Pitkin County officials: social distancing working, slow rollout to return coming next week
When it comes to the restrictive public health orders that have dominated life during the past month, the long-term message from public health officials Thursday was get used to it: Nothing is going back to the way it was for a long time.
“We’re going to need to continue physical distancing,” Pitkin County Public Health Director Karen Koenemann told members of the county Board of Health. “I think that will be with us for the long haul.”
But neither are we destined to indefinitely experience life by virtual reality from within the walls of our homes, she said. In fact, while the gradual loosening of public health orders will certainly lead to spikes in COVID-19 cases, unwinding the public health orders is exactly what we must do, said Dr. Kimberly Levin, the county’s medical officer.
“We need to move ahead and do this,” said Levin, also an attending physician at Aspen Valley Hospital. “We can’t stay where we are.”
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The ultimate goal, of course, “is opening everything up,” she said.
“It can happen, it will happen,” Levin said. “It needs to be done in a very controlled manner.”
The good news is that social distancing tactics meant to prevent the rapid spread of COVID-19 in Pitkin County appear to have worked, said Levin and Koenemann.
“I think we flattened the curve in Pitkin County,” Levin said.
Pitkin County has achieved at least a 70% reduction in social contacts since the first stay-at-home order March 23, which earned the county an “A” grade from a data collection site that monitored cellphone movement in 3,000 counties across the country, Koenemann said.
Pitkin County was one of the top counties monitored in terms of people staying put, and even was rated No. 1 more than once, she said.
“There was a drastic decline in people moving around,” Koenemann said. “I just want to say kudos to the community (for that).”
That compliance bought public officials time to prepare for possible future surges of COVID-19 patients by developing a “robust” testing strategy and to begin building a team that will become important when community testing, isolation and contact tracing of future coronavirus patients is the norm, she said.
Levin also praised residents for complying with the stay-at-home order, calling it a gift to hospital workers who haven’t yet had to deal with a surge of patients. The most COVID-19 patients the hospital has seen was eight March 13, the day of Pitkin County’s first public health order, she said.
“It has stayed within a manageable volume,” Levin said.
The time the public health order bought also allowed the hospital to stock up on supplies and develop a regional strategy with neighboring counties and hospitals, which includes plans for how to handle a situation that includes Denver hospitals refusing to accept more intensive care patients, Levin said.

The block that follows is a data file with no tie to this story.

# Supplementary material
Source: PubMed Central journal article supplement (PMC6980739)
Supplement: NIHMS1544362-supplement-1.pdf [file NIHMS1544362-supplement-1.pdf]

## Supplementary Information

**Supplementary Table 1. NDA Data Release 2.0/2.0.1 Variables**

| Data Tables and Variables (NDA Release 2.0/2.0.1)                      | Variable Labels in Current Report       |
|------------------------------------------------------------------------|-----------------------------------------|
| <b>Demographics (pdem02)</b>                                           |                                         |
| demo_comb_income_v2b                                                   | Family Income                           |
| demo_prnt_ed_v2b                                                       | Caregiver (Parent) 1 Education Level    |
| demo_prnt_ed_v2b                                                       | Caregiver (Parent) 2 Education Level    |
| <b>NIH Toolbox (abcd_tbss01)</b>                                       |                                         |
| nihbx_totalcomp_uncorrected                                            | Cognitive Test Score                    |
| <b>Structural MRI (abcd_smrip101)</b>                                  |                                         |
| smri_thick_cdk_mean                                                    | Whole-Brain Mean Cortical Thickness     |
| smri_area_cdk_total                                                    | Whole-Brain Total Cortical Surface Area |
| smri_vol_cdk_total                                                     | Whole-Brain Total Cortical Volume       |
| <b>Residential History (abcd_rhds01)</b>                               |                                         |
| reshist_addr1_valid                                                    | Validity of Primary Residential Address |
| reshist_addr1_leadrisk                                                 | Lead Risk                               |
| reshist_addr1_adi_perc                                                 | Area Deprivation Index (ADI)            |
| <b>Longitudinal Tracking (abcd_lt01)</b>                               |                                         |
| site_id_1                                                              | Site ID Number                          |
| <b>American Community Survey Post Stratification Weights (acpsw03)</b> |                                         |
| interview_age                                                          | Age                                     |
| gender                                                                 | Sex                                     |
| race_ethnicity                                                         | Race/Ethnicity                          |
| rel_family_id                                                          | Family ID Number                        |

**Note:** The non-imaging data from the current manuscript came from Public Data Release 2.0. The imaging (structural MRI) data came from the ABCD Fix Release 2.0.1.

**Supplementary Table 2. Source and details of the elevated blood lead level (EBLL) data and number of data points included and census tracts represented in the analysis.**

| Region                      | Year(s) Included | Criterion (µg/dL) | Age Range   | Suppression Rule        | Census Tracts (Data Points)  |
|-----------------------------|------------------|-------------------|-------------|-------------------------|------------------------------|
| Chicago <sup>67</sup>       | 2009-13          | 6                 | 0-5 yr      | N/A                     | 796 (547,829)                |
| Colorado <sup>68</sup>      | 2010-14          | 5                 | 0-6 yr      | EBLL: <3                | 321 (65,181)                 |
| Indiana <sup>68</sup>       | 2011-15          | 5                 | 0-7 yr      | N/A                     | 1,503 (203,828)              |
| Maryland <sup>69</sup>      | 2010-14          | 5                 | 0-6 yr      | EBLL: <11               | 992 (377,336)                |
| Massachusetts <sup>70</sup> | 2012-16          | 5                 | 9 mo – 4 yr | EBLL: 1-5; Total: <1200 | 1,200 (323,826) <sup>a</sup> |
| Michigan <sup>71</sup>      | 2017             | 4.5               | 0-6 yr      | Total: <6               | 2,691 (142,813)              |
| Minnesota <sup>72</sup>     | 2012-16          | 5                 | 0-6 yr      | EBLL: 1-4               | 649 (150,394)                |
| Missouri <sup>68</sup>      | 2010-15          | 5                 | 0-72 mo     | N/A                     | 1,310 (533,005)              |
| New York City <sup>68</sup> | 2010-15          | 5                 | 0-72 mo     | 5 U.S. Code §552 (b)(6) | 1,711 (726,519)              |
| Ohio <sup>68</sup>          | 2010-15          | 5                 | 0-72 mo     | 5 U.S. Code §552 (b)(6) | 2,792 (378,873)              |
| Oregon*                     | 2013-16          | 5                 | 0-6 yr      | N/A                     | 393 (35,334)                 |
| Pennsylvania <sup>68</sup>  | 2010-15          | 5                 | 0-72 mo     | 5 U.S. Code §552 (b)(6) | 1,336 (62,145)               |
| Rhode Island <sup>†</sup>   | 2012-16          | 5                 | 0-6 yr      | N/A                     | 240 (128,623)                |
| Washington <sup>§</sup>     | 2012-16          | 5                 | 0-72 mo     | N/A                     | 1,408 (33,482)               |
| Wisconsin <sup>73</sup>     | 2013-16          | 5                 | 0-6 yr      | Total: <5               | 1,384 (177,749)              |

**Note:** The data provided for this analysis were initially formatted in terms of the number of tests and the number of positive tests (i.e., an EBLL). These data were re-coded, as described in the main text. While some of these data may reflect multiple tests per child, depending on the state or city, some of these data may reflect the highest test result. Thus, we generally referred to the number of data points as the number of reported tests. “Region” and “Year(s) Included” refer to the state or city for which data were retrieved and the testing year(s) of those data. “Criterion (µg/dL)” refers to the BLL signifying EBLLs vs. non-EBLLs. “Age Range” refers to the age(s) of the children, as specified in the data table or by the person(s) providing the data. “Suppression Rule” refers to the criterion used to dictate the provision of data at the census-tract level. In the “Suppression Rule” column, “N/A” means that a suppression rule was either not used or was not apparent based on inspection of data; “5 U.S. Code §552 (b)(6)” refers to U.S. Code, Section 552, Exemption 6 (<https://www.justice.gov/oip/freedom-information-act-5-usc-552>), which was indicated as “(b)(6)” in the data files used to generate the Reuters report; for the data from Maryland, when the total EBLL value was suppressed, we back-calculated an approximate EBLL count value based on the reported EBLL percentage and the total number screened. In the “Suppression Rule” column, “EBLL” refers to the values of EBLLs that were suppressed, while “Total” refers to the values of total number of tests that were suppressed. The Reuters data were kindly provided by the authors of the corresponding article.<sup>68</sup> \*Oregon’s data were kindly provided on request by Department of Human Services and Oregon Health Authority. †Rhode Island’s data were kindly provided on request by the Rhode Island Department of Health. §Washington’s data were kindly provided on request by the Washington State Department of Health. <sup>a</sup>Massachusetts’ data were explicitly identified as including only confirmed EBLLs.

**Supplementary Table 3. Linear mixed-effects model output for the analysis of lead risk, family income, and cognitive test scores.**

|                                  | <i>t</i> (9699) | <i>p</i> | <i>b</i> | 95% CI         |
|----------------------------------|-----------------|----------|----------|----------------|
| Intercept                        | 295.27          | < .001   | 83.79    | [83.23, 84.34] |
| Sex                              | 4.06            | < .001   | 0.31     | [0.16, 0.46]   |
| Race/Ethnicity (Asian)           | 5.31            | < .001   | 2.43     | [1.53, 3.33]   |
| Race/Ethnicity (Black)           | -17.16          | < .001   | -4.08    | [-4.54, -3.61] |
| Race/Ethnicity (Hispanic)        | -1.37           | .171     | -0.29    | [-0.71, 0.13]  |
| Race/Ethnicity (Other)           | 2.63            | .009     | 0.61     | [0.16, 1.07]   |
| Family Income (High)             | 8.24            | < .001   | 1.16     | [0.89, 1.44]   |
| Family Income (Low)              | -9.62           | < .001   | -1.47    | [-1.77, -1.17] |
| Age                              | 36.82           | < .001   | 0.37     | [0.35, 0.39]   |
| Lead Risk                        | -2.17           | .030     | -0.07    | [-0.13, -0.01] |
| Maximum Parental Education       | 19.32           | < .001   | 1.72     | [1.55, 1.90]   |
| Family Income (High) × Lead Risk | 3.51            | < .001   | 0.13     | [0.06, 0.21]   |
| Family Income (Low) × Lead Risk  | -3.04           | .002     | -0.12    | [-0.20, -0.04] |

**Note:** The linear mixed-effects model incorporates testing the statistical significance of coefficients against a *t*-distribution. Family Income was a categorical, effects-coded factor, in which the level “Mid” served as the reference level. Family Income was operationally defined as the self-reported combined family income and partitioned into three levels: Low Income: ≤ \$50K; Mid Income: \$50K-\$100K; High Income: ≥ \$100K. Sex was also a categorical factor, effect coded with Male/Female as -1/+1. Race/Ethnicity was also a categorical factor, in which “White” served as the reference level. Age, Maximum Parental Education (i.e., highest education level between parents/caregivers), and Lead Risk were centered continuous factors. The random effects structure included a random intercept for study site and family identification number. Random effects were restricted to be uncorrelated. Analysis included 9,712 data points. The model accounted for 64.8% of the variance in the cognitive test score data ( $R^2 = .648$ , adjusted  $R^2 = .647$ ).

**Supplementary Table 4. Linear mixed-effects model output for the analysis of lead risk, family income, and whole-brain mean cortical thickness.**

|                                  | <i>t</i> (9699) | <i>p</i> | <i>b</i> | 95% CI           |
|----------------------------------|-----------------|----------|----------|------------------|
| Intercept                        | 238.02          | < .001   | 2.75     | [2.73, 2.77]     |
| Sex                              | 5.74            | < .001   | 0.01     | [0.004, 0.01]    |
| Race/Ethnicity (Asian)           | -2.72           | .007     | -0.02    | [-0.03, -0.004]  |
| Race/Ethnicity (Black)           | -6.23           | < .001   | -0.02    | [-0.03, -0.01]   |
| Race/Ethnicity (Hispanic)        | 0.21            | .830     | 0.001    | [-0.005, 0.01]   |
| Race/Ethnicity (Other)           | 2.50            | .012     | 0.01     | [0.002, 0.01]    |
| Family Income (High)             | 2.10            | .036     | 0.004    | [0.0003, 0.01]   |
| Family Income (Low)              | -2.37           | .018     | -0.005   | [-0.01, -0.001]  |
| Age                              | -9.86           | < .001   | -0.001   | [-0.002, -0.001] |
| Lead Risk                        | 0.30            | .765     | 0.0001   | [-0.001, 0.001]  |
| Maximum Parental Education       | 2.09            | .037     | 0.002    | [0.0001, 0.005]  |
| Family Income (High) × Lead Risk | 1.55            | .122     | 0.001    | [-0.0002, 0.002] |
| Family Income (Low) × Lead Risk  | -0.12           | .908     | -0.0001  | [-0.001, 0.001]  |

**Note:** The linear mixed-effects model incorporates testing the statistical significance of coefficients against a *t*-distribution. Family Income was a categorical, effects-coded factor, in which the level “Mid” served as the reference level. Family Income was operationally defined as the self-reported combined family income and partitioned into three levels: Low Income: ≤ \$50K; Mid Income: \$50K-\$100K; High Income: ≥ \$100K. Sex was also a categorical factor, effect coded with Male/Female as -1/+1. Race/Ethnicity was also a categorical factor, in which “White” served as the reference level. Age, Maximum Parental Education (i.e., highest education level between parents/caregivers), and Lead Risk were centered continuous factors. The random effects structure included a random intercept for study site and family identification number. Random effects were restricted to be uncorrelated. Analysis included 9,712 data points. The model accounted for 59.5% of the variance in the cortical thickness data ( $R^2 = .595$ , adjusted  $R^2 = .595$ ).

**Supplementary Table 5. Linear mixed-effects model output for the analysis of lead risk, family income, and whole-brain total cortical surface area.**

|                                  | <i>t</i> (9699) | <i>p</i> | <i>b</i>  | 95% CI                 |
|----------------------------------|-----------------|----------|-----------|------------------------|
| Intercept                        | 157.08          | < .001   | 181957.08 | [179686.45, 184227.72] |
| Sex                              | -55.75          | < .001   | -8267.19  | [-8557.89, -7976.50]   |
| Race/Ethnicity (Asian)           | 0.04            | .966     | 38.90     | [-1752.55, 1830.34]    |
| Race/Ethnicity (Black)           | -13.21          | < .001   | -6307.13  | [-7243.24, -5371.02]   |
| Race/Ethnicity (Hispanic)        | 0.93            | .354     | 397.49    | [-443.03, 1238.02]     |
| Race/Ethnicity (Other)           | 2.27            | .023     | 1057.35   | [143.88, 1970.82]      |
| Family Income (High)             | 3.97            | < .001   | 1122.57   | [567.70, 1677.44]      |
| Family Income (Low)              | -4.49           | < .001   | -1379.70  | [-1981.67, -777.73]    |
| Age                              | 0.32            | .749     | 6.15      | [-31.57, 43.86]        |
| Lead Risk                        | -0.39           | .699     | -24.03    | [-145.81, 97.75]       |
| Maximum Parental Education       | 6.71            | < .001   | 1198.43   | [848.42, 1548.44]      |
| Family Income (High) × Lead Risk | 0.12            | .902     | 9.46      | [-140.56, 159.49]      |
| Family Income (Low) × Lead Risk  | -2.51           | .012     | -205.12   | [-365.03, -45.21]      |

“You’ve given us time to create this capacity,” she said.
The gradual step-down of public health order restrictions — which will begin next week with the opening of construction sites and a few other businesses — will lead to spikes in local COVID-19 cases, Levin said. But the step-downs are designed not to overwhelm the local health care system while gradually decreasing the number of residents susceptible to the virus, Koenemann said.
The ramifications of each step will likely take about two weeks to manifest, at which time officials will know whether they can handle the surge in cases or whether the order might need to be dialed back again, they said. Hospital data will be key to determining the severity of cases during each step, Levin said.
Examples of gradual steps include increasing the size of groups allowed to socialize from five to 10, and opening retail stores and restaurants, though social distancing will continue to be a factor, Koenemann said.
In order for the strategy to succeed, however, public health officials must first stabilize transmission — meaning a decrease in cases for at least 14 days — then implement stringent protocols that require community testing to identify who currently has the virus, isolating those patients, tracing all of their contacts and isolating anyone they might have infected, Koenemann said.
Effective contact tracing requires one full-time investigator for every 1,000 residents, meaning that Pitkin County will need 18 people to get the job done, she said. Local officials are looking to the state for assistance with that, though they have hired some personnel already, Koenemann said.
Testing capacity — a problem across the country — also must be increased, they said.
Pitkin County will take the first step toward community testing Friday, when officials begin a pilot program to determine the effectiveness of 1,000 COVID-19 tests they received last week, according to a Thursday news release. The tests measure antibodies in the blood and will provide information about the depth of the virus infection in the community, officials have said.
Sixteen people who have previously been tested for COVID-19 have been chosen as a test group, the release states. The tests will be conducted at the Aspen Village Fire Station.
Further details about who will be tested and when have not yet been released by public health officials.
“Pitkin County epidemiologists will be selecting candidates for further testing from the county’s residents, as well as workers from essential businesses within Pitkin County who may not reside here,” according to Thursday’s news release.
Officials have said a plan for the testing was to be finalized by Friday.
Meanwhile, Pitkin County reported 51 positive COVID-19 cases as of Wednesday, according to the Colorado Department of Health and Environment. The state reported 8,675 positive cases as of Wednesday afternoon, with 374 deaths.
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